On 25 March 2023, President Putin announced the stationing of tactical nuclear weapons in Belarus. Russia would maintain control of the weapons. As of May 2023 the weapons are a small number of Iskander missile warheads. Russia plans to finish a “storage facility” for tactical nuclear weapons by July 1. President Putin told Russian state television: "There is nothing unusual here either…Firstly, the United States has been doing this for decades. They have long deployed their tactical nuclear weapons on the territory of their allied countries."[32]


Upshot-Knothole Grable nuclear artillery test

See also[edit]


  1. ^ Hans M Kristensen. "Non-Strategic Nuclear Weapons (page 8)" (PDF). FAS. Retrieved October 26, 2013.
  2. ^ Brian Alexander, Alistair Millar, ed. (2003). Tactical nuclear weapons : emergent threats in an evolving security environment (1. ed.). Washington DC: Brassey's. p. 7. ISBN 978-1-57488-585-9. Retrieved March 22, 2011.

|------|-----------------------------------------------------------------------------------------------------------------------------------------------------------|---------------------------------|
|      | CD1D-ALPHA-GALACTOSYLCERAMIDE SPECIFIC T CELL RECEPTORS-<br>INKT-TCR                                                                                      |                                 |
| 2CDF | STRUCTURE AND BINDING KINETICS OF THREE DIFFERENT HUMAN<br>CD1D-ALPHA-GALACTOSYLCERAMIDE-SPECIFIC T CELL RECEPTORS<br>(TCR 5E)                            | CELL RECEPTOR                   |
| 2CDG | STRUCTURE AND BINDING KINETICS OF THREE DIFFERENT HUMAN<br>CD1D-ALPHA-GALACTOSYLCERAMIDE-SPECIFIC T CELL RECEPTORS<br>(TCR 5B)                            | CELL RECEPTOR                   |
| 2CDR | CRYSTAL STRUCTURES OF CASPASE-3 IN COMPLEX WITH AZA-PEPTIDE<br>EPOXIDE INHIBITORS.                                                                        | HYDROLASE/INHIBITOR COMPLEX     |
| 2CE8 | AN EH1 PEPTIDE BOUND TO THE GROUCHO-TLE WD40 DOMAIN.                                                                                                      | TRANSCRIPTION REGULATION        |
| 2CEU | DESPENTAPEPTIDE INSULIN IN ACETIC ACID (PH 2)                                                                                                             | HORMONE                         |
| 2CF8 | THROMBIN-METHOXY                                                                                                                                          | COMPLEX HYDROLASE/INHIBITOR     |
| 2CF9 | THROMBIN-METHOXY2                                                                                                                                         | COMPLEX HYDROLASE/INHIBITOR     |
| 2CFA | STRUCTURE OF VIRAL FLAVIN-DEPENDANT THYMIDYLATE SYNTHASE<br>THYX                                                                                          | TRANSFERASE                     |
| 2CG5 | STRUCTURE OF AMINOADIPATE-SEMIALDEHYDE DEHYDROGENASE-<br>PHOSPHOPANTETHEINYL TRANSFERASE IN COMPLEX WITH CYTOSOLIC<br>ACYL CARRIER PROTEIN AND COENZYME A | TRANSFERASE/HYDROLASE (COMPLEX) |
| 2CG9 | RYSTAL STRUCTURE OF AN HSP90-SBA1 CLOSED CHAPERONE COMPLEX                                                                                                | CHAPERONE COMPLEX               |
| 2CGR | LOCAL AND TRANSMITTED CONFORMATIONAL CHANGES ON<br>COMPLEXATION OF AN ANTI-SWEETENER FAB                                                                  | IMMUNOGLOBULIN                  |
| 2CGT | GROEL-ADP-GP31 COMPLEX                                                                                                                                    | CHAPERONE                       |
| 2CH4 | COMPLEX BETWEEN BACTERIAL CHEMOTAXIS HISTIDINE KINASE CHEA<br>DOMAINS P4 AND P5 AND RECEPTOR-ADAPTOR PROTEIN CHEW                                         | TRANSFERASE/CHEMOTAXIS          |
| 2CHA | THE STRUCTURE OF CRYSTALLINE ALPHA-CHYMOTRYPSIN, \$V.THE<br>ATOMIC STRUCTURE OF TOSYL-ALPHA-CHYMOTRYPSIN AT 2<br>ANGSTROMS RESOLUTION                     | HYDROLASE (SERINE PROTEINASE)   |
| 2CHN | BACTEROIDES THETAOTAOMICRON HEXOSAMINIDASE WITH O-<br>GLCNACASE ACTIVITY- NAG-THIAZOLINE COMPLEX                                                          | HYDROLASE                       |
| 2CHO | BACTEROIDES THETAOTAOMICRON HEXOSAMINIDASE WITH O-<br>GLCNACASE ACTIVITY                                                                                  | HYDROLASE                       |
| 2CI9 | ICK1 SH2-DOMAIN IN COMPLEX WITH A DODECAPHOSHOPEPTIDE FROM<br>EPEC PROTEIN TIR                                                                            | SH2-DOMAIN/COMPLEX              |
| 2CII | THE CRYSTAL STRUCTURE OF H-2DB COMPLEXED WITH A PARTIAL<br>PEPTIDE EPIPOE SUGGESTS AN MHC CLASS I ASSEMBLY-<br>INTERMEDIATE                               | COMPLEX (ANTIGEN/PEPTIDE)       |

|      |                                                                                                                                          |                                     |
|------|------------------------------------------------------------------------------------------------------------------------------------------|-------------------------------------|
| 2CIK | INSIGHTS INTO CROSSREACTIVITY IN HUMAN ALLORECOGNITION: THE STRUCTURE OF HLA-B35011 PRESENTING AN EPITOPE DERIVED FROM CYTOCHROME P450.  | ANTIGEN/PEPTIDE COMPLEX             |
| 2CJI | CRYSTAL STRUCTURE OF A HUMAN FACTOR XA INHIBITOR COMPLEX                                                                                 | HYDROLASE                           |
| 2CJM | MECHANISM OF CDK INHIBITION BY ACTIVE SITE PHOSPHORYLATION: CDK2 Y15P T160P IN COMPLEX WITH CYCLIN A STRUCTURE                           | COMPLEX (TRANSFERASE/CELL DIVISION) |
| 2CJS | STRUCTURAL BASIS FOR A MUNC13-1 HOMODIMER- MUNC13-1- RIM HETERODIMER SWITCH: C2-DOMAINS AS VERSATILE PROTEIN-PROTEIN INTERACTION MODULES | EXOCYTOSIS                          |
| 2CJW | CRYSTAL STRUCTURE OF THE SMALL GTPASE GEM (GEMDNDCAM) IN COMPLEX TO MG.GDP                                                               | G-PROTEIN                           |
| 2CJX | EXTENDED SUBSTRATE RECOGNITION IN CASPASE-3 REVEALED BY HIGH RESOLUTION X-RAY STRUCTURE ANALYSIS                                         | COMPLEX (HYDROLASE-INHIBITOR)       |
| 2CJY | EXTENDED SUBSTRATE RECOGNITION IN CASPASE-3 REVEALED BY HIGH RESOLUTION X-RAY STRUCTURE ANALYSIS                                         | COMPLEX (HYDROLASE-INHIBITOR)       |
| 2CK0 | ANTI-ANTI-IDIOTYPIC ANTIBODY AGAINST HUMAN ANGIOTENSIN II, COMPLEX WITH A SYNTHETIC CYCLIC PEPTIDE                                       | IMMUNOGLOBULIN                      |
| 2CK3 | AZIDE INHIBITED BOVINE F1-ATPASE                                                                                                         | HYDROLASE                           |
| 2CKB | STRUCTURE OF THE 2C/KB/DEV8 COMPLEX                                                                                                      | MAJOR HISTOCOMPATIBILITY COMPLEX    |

3. ^ Some weapons could be tactical or strategic at the same time, depending only on the potential enemy. For example, an Indian nuclear missile with a 500 km range is tactical when it is evaluated by Russia but understandably would be considered strategic if evaluated by Pakistan.
  4. ^ "Not a Good Idea: American Nukes in South Korea". thediplomat.com. Retrieved July 30, 2023.
  5. ^ "Strategic Air Command Declassifies Nuclear Target List from 1950s". nsarchive.gwu.edu. Retrieved August 16, 2016.
  6. ^ Amy F. Woolf (July 15, 2021). Nonstrategic Nuclear Weapons (PDF) (Report). Congressional Research Service. p. i. Retrieved July 23, 2021.
  7. ^ a b Rathbun, Nina Srinivasan (September 28, 2022). "What are tactical nuclear weapons? An international security expert explains and assesses what they mean for the war in Ukraine". The Conversation. Retrieved July 30, 2023.
  8. ^ "Session 10". Archived from the original on May 1, 2001.
  9. ^ Patchen, Martin (April 1988). Resolving disputes between nations: coercion or conciliation?. Duke University Press. p. 254. ISBN 978-0-8223-0819-5. Retrieved December 30, 2010.
  10. ^ "Getting to Zero Starts Here: Tactical Nuclear Weapons | Arms Control Association". armscontrol.org. Retrieved August 16, 2016.
  11. ^ Strachan, Hew (January 1, 1988). European Armies and the Conduct of War. Routledge. p. 195. ISBN 978-0-415-07863-4. Retrieved December 30, 2010.